Publishing Tabular Data
Here's how to publish your tabular data as Tabular Data Packages. There are 4 simple steps:
- Create a folder (directory) - this folder will hold your "data package"
- Put your data into CSV (comma-separated values) files and add them to that folder
- Add a
datapackage.jsonfile to hold some information about the data package and the data in it e.g. a title, who created it, how other people can use it (licensing), etc
- Upload the data package online
1. Create a Directory (Folder)
We'll assume you know how to do this!
2. Create your CSV files
A CSV is a really common and simple file format for storing a (single) table of data (for example, a single sheet in a spreadsheet). If you've got more than one table you can save multiple CSV files, one for each for table.
Put the CSV files in the directory you created - we suggest putting them in a subdirectory called data so that your base directory does not get too cluttered up.
You can produce CSV files from almost any application that handles data including spreadsheets like Excel and databases like MySQL or Postgresql.
You can find out more about CSVs and how to produce them by taking a look at the dedicated CSV page or by doing a quick search online for CSV + the name of your tool.
3. Add a datapackage.json file
datapackage.json is a small file in JSON format that gives a bit of
information about your dataset. You'll need to create this file and then place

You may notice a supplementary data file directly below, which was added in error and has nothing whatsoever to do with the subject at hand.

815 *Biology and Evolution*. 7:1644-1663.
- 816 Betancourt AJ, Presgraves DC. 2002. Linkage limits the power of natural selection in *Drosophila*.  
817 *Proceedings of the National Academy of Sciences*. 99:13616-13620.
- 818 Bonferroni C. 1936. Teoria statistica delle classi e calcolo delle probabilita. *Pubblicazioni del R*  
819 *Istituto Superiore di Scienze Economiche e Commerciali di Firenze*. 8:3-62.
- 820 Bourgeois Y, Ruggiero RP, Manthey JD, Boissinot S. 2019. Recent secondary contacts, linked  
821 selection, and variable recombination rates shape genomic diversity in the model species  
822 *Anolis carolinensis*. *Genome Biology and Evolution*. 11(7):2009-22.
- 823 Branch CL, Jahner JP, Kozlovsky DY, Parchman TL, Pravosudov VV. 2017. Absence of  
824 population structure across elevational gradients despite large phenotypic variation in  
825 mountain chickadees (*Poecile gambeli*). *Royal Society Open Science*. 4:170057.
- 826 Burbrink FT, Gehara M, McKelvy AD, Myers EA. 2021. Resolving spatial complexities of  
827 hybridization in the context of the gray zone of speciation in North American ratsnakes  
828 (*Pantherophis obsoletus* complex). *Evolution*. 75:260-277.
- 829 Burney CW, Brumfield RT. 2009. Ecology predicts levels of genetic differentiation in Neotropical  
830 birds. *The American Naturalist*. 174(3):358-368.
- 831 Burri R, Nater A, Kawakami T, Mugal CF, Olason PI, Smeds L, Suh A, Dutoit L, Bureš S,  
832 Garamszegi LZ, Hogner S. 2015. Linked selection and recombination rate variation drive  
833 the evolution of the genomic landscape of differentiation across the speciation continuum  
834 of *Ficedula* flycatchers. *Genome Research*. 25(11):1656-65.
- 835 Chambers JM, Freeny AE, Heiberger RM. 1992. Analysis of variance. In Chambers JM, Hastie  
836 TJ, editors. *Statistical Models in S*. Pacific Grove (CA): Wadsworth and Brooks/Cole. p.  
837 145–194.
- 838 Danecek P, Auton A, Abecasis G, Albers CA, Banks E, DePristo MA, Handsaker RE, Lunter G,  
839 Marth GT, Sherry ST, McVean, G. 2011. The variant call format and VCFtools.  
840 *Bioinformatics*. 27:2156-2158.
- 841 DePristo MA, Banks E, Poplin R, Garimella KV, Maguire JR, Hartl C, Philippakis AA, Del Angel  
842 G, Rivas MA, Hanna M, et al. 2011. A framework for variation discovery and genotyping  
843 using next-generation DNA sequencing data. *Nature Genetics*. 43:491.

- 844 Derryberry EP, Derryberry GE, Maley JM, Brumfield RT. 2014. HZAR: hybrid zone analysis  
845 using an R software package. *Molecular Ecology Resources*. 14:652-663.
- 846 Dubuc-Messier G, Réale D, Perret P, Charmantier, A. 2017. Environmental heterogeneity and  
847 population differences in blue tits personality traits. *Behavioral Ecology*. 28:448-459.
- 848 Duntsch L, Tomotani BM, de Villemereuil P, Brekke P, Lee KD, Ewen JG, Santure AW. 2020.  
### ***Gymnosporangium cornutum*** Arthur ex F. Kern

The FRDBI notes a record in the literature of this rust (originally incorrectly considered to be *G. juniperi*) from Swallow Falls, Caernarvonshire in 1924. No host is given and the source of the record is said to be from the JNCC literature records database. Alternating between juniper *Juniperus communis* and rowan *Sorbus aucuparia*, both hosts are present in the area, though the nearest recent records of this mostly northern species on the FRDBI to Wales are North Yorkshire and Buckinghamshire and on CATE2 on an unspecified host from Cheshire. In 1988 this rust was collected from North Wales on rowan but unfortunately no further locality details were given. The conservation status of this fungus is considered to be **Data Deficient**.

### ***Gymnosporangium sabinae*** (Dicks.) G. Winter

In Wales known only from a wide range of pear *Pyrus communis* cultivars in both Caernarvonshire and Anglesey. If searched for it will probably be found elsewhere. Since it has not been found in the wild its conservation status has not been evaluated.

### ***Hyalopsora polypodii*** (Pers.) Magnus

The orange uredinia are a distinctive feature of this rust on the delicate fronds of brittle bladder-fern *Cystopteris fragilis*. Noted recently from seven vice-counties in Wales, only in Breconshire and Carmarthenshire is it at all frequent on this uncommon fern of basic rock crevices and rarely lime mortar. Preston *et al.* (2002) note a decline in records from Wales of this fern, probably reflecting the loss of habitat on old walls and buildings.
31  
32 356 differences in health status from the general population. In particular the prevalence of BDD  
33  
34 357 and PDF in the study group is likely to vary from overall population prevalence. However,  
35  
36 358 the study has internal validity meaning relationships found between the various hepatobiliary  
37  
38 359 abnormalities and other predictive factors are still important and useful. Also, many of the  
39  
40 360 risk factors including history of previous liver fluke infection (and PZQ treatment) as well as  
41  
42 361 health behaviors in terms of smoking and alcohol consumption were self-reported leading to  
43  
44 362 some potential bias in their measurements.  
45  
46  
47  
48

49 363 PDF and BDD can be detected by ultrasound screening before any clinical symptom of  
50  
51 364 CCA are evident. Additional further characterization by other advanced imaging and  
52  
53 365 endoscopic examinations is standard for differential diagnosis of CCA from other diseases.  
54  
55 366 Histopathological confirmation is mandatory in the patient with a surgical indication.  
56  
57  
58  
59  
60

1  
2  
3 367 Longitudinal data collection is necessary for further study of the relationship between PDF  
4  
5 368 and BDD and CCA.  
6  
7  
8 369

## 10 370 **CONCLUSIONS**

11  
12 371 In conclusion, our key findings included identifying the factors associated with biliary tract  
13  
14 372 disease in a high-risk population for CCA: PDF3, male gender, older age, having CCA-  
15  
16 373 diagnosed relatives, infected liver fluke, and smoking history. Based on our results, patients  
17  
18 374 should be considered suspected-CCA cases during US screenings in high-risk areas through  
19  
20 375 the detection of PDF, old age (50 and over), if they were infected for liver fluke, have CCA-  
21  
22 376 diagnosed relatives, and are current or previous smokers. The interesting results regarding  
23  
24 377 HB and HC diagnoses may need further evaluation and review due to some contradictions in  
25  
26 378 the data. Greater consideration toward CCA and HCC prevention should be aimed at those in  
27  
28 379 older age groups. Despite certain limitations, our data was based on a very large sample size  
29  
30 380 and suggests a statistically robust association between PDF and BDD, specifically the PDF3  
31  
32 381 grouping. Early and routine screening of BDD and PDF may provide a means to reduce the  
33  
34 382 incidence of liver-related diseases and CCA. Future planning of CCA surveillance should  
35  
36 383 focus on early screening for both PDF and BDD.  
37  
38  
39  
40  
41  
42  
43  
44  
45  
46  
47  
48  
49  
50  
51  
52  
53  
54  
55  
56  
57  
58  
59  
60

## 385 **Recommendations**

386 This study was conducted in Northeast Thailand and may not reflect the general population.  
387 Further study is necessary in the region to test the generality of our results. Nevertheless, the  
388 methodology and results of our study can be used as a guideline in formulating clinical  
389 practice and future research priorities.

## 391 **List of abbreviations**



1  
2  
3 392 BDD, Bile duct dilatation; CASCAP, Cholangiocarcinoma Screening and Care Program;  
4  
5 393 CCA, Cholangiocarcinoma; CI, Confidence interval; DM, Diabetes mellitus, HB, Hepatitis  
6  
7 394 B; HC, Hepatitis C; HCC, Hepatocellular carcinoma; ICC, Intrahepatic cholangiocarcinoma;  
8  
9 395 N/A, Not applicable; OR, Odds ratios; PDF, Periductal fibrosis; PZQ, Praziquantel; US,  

it in the directory you created.
There are 2 options for creating the
Option 1: Use the online datapackage.json creator tool - just answer a few questions and give it your data files and it will spit out a datapackage.json for you to include in your project
4. Put the data package online
You just need to upload the data package (i.e. the files in it) to a suitable location online.
One nice option for the more sophisticated is to put this in a git or mercurial repo and push it to githuh or similar. But you can also publish to your wordpress website, to dropbox or anywhere else. The one important thing is that:
- All the files should be accessible online
The relative paths between files should be preserved e.g. if your data package directory had the datapackage.json and a single other csv named data.csv in it (at the root) then online it should look like:
This can be a problem with services like e.g. Google Drive where files in a given folder don't have a web address that relates to that folder. The reason we need to preserve relative paths is that when using the Data Package client software will compute the full path from the location of the datapackage.json itself plus the relative path for the file give in the datapackage.json resources section.
Add a README
A README is a text file giving (human-readable) information about your dataset. You can include anything you like but standard practice is to:
- Start with a short description of the dataset (the first sentence and first paragraph should be extractable to provide short standalone descriptions)
- Data section: put data specific information about the data in a Data section
- Preparation section: put information on preparing the data in a Preparation section
- Licensing section: put informatoin on permissions and licensing go in a Licensing section
The README should be a plain text file (no word or rich text etc) and we recommend using markdown to allow for some formatting. If markdown is used the file should be named README.md and otherwise should be named README.txt.